So, I was watching an old "classic" gangster movie, New Jack City, the other day, and while watching it, I noticed some dialogue I hadn't noticed before, about 44 minutes into the movie:

This kid's been bringing us business.
I'd like to take a shot at one of those computer terminals.
Can you program Pascal?

Now, I work as a developer, and even though I don't have experience with Pascal as such, I was wondering two things:
First, what on earth is a drug cartel doing programming Pascal?
And second, what is a drug cartel from 1991 doing programming Pascal?

Well, perhaps they did some very drug-related CRM programming, but why? And when the police storm the building, they are all rushing to remove the floppy disks only, which would be strange if the actual data was saved on hard drives.

It just stood out to me as a really weird thing to do at a drug cartel.

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    Why not program in Pascal? Turbo Pascal was very common in 1991. Also, are you sure they had a hard drive? They were much less common in 1991.
    – Chenmunka
    Commented Apr 8, 2015 at 12:53
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    Keep in mind that crack was created in 1984-85. Depending on where this scene lands in the movie, it may be well before the 1991 release date. Commented Apr 8, 2015 at 13:12
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    It was actually quite common to keep data on removable media and have the programs only on the HDD. Sneakernet was A Thing in 1991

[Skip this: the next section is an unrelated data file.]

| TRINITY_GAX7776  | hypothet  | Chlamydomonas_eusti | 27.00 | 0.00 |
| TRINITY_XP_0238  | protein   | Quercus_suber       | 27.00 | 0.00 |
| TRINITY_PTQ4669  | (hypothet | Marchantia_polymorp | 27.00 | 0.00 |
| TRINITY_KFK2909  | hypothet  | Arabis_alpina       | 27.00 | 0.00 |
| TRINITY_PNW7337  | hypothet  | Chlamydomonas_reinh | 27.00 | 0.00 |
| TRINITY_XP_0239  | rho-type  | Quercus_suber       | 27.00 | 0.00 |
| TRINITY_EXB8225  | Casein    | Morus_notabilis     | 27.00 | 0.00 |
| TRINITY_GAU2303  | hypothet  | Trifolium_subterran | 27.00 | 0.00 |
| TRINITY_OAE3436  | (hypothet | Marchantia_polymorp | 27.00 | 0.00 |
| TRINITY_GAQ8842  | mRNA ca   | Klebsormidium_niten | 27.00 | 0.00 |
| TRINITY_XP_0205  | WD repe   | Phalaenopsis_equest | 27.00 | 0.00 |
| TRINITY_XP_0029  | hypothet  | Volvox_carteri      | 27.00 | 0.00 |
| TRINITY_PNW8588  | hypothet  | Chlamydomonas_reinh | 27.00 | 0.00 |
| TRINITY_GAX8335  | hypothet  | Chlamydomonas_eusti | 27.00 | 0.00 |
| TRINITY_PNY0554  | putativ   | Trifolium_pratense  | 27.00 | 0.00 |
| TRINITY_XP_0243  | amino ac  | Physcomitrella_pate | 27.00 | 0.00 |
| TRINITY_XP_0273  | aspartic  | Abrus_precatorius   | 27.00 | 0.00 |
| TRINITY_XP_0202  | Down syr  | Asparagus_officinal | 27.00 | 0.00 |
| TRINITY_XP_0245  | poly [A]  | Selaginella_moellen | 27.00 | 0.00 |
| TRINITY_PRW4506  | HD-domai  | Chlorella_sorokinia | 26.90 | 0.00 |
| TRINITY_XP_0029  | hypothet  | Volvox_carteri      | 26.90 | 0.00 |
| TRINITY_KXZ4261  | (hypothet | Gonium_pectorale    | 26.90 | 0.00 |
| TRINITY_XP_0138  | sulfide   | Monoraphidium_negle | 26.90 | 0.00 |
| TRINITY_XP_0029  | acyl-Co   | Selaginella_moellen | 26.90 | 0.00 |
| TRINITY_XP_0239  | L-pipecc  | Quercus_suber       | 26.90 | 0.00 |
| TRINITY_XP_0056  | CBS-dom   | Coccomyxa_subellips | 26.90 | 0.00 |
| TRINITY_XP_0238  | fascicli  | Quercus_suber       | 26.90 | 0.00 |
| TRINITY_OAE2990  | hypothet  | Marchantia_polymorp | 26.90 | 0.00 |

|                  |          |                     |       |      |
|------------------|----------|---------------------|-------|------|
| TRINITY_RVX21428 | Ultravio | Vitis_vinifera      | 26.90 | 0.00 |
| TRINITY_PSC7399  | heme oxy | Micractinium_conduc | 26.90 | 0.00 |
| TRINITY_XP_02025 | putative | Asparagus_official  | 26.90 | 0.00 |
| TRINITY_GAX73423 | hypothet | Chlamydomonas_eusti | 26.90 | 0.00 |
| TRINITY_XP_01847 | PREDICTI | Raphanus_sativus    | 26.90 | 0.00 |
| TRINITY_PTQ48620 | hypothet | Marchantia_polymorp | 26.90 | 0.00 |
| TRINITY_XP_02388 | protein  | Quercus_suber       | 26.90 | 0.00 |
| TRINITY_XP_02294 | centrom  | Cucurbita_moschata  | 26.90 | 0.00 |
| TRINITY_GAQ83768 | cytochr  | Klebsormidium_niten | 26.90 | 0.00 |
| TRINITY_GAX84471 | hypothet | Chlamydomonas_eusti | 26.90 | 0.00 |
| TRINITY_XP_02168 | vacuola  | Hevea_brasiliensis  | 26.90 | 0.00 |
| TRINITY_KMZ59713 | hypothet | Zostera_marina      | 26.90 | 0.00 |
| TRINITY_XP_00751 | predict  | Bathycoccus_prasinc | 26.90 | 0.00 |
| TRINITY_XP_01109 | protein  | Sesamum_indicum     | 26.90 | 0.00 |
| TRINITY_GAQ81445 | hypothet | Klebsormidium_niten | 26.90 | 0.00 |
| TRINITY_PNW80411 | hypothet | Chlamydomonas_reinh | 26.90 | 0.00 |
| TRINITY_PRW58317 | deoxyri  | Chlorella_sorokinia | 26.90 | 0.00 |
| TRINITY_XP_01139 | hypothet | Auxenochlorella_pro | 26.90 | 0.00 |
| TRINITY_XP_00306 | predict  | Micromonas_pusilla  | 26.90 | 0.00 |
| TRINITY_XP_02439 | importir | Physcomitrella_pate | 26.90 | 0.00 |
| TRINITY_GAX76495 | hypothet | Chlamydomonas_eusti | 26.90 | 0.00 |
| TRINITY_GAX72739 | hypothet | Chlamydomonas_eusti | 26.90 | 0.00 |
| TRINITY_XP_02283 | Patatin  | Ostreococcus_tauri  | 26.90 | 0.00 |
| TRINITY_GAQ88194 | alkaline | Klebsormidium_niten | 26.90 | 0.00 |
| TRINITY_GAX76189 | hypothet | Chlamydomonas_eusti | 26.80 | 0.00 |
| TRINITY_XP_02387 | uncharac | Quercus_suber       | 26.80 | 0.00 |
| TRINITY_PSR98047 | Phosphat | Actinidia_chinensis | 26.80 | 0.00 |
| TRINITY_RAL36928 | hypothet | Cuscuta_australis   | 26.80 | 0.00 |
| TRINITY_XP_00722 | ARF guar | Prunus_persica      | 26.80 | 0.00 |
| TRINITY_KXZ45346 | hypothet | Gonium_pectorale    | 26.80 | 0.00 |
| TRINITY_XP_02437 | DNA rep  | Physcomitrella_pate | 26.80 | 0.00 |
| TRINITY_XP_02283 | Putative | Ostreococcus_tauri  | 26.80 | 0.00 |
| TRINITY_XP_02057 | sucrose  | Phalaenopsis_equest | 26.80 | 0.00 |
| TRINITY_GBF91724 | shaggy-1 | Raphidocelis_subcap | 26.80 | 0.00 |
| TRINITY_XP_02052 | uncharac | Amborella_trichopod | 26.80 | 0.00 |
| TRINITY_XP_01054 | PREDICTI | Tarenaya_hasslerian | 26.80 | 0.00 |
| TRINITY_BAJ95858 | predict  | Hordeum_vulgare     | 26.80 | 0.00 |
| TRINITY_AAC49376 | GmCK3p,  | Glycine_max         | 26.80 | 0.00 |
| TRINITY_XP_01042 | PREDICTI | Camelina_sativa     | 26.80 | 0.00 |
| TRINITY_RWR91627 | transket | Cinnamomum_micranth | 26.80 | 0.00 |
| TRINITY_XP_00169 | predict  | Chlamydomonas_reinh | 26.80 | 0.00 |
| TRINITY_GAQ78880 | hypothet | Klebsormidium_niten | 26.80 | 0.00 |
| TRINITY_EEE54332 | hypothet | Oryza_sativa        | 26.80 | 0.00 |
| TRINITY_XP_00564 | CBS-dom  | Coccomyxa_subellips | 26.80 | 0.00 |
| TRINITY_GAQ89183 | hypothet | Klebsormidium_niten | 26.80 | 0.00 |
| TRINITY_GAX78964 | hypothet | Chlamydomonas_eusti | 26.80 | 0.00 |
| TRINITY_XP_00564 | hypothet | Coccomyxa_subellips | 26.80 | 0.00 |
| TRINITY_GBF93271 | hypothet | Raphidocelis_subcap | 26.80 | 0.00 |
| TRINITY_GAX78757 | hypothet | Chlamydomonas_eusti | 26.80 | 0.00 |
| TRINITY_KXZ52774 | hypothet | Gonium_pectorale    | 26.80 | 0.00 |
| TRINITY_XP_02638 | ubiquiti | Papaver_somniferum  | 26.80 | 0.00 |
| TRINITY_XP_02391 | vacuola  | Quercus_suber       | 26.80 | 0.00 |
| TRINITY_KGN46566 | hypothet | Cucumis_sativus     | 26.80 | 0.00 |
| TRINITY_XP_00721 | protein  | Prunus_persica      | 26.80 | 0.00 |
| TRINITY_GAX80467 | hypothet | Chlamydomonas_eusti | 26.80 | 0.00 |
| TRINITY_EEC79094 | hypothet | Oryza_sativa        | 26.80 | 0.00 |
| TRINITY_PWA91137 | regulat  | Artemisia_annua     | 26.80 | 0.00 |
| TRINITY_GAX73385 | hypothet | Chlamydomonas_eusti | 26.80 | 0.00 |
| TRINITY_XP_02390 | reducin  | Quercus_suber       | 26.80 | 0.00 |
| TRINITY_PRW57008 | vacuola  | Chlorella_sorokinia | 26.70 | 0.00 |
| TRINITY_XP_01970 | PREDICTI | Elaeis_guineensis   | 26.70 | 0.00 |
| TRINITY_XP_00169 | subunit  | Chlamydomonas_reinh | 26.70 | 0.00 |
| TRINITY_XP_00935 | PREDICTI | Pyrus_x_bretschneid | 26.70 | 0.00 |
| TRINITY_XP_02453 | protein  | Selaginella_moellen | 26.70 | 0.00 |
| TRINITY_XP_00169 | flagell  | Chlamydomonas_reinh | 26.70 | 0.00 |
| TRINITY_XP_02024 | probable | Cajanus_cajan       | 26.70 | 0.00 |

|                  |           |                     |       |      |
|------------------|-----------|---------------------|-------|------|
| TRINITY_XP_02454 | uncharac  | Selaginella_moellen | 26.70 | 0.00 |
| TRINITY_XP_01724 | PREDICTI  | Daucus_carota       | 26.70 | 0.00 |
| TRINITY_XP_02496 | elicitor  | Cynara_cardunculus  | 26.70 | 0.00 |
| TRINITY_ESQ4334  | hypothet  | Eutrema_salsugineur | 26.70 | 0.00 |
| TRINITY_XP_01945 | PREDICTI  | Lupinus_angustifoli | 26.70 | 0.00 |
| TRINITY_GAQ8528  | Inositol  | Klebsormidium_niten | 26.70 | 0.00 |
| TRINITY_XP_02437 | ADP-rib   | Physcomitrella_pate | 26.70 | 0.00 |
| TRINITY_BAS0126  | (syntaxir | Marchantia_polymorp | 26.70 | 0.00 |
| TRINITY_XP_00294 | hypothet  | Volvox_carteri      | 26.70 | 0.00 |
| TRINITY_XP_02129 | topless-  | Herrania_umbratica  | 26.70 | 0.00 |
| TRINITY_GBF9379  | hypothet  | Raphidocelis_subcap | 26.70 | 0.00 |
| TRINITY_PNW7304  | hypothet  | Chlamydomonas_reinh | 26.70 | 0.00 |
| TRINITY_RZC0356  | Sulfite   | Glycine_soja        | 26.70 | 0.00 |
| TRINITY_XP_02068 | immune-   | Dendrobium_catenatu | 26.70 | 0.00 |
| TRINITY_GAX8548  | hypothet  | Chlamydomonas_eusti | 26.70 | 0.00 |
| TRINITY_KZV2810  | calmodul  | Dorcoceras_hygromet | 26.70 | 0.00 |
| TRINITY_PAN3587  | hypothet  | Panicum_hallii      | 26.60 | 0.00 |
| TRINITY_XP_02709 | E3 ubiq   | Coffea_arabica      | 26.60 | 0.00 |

– Yorik
    Commented Apr 8, 2015 at 17:27
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    @Chenmunka Well, I guess the question is more concerned about "why program at all in a drug cartel business?" and not so much about Pascal in particular (at least I hope so, as otherwise it would be quite a useless question).
    – Napoleon Wilson
    Commented Apr 8, 2015 at 17:34

5 Answers 5


I believe this activity was meant to show the "new" way of doing business. Cutting edge meant computers, so whether or not anything they were doing was actually computer-related, they were implying that they were doing business "the new way" (my quotes). This is somewhat related to the Technology Marches On trope, but also IMO related that that scene in Juraissic Park where the girl is like, "I know this! This is a UNIX system!". And we're all amazed at the (now crappy looking) 3D interactive menu as it flashes by. In both instances, we are introduced to crazy new technology that few people understood at the time, so Hollywood can take liberties with it.

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    +1 I agree it was to show that Nino and his crew were running an old business in a state of the art way. It was meant to convey that they were organized and had their stuff together. Commented Apr 8, 2015 at 17:54

First, what on earth is a drug cartel doing programming Pascal?

I think he was working on an accounting system

what is a drug cartel from 1991 doing programming Pascal?

I went to college in the late 1990s and a lot of colleges were teaching pascal at the time... Java 1.0 was release in January 23, 1996... Other popular options would have c, basic, cobol....

Well, perhaps they did some very drug-related CRM programming but why?

You could not download it from the app store. It is not uncommon for a business(illegal or not) making that kind of cash to use computers to keep up with suppliers, customers, debate and credit....

Sad truth is people think proprietors of illegal business don't use technology to maximize profit.

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    Could you tell us that makes you think same
    – Panther
    Commented Jan 6, 2017 at 16:41
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    Pascal was widely taught, as I recall, back in "the day" and would likely have been more recognizable to a wider audience than something like C or cobol. The tie-in to accounting is salient.
    – DukeZhou
    Commented Jan 6, 2017 at 17:59